Ohio Supreme Court strikes down fire chief’s ‘retire-rehire’ move

Court rules that under state law, the city of Wickliffe should have held a competitive exam to fill the position


The Ohio Supreme Court ruled unanimously on Tuesday that Wickliffe’s fire chief could not be immediately rehired into his position after briefly retiring to collect pension benefits.

David Petkiewicz

By Jeremy Pelzer

COLUMBUS, Ohio — A Lake County fire chief improperly staged an administrative maneuver that allowed him to collect retirement benefits while keeping his job, the Ohio Supreme Court ruled Tuesday.

In a unanimous ruling, the state’s high court held that the city of Wickliffe wasn’t allowed under state law to immediately rehire Jim Powers, the city’s longtime fire chief, the day after he formally retired in January 2020. Instead, the court ruled, city officials were required under state civil-service law to fill Powers’ vacancy via a competitive exam.

Such a move, nicknamed “retire-rehire,” is sometimes used by public officials in Ohio, including Attorney General Dave Yost and Youngstown Police Chief Carl Davis, to start receiving pension payments while remaining on the payroll. It’s similar to the more common practice of “double-dipping,” in which workers collect benefits from one public job while holding a separate taxpayer-funded position.

It remains to be seen how Tuesday’s ruling, which hinged on a state law specifically regarding fire-department vacancies, might affect the ability of other public officials in Ohio to pull a “retire-rehire” move.

In this case, Powers filed for retirement on Jan. 6, 2020. Wickliffe Mayor John Barbish, who notified the Ohio Police and Fire Pension Fund of Powers’ retirement and instructed the city’s finance director to help Powers secure his pension benefits, swore Powers back in as fire chief the following day at an annual salary of $97,965.

The International Association of Fire Fighters Local 1536, a firefighters labor union, objected, arguing that the city couldn’t just rehire Powers, but rather had to conduct a competitive promotional exam to fill the vacancy. The union sued after city officials ignored their demand.

Attorneys for the city of Wickliffe argued that Powers didn’t vacant the position of fire chief, as he didn’t intend to permanently leave the job.

While a trial court and state appeals court sided with the city, the Ohio Supreme Court overturned those rulings.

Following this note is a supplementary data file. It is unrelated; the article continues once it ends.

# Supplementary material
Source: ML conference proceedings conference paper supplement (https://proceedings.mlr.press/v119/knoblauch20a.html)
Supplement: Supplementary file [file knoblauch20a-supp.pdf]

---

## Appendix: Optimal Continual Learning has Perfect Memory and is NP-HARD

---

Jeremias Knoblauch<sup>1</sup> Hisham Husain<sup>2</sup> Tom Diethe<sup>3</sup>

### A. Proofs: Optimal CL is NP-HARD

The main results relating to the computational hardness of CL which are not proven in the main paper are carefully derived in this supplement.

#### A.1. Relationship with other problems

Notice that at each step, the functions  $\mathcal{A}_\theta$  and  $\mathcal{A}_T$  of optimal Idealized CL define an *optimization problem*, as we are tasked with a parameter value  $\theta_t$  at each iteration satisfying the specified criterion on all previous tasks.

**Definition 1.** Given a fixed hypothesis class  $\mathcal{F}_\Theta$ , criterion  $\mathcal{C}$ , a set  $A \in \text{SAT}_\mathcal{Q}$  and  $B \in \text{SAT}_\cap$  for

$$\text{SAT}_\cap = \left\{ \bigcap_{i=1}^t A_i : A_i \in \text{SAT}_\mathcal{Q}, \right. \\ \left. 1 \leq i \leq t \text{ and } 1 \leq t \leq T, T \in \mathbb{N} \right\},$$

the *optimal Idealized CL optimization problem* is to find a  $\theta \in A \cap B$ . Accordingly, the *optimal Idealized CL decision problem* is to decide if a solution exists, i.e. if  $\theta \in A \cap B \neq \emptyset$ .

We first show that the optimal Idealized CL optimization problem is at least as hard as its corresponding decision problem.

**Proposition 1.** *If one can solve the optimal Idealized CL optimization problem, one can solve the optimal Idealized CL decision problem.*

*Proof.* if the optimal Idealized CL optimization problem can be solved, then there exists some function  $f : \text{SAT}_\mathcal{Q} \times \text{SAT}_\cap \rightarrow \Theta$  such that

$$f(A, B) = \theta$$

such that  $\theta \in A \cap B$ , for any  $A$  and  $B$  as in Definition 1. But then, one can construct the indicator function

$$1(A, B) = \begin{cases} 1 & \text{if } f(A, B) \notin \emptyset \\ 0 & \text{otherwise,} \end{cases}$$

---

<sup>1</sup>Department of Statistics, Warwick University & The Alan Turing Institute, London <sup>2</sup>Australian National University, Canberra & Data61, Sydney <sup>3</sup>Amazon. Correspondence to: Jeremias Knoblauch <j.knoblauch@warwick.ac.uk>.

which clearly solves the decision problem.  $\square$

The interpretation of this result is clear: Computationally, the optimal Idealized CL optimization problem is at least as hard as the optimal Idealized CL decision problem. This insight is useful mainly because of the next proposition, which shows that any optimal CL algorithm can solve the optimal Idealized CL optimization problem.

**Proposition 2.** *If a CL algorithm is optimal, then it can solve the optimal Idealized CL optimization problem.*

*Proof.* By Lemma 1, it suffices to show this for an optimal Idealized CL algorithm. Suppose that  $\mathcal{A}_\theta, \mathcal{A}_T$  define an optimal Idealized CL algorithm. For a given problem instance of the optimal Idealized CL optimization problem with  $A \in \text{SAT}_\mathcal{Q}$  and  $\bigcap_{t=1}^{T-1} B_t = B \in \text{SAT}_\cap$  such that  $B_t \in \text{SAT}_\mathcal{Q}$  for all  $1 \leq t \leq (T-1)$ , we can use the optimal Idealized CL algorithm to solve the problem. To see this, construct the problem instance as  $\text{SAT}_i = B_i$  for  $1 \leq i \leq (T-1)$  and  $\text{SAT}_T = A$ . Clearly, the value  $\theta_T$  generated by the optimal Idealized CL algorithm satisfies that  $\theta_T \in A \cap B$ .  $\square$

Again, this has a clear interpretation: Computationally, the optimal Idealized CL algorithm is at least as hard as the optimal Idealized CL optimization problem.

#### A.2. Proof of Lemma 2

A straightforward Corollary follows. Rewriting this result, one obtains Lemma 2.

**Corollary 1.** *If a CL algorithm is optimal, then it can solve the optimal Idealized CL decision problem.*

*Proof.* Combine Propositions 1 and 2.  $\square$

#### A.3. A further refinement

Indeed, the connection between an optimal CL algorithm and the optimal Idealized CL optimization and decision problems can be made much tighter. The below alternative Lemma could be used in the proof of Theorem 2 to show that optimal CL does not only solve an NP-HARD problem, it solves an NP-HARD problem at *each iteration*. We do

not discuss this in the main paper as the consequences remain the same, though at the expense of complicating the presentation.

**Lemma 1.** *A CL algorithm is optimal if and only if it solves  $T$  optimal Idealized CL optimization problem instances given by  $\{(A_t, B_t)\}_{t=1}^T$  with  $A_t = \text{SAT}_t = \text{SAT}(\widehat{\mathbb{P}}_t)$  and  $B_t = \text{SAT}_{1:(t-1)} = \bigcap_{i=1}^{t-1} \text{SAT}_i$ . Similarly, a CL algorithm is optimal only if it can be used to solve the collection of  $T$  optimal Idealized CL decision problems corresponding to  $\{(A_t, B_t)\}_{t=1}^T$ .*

Writing for the court, Justice Melody Stewart, a Cleveland Democrat, rejected the city’s argument that because it immediately rehired Powers, there was no vacancy that needed to be filled via competitive exam.

“A person cannot be rehired for a position that is not vacant,” Stewart wrote. She added elsewhere: “Whether an incumbent intends to permanently leave a position or to leave with the expectation of immediately returning to that position is irrelevant to the determination whether the incumbent’s leaving creates a vacancy.”

Cleveland.com/The Plain Dealer has reached out to the city of Wickliffe for comment on the ruling.

Dave Graham, a spokesman for the Ohio Police & Fire Pension Fund, said there are a “relatively low” number of public safety members who use “retire-rehire” to get benefits from the fund, compared with teachers and other school employees. He credited that to the police and fire pension’s deferred retirement program and that pension fund enrollees have to wait two months to be rehired into a public job, or they lose two months’ worth of benefits.

Ohio Public Employee Retirement System spokesman Michael Pramik declined comment when asked how Tuesday’s ruling might affect their enrollees’ ability to engage in “retire-rehire.”

Jon Harvey, the president of the Ohio Association of Professional Firefighters labor union, said the decision will affect “very few” fire departments.

“The impact will be mostly for departments (and jurisdictions) that have stagnate leadership at the top,” he said. “I think that if you have a progressive fire chief that does a good job and can participate and do well on a competitive test – I think the impact will be good.”

When Bethany McCorkle, a spokeswoman for Yost’s office, was asked whether the ruling undercut the legal underpinnings of Yost’s decision to “double-dip,” she replied that the decision had nothing to do with double-dipping, but rather a city’s failure to conduct a promotional exam process before rehiring someone into a classified civil service position.

Jeremy Pelzer covers state politics and policy for Cleveland.com and The Plain Dealer.

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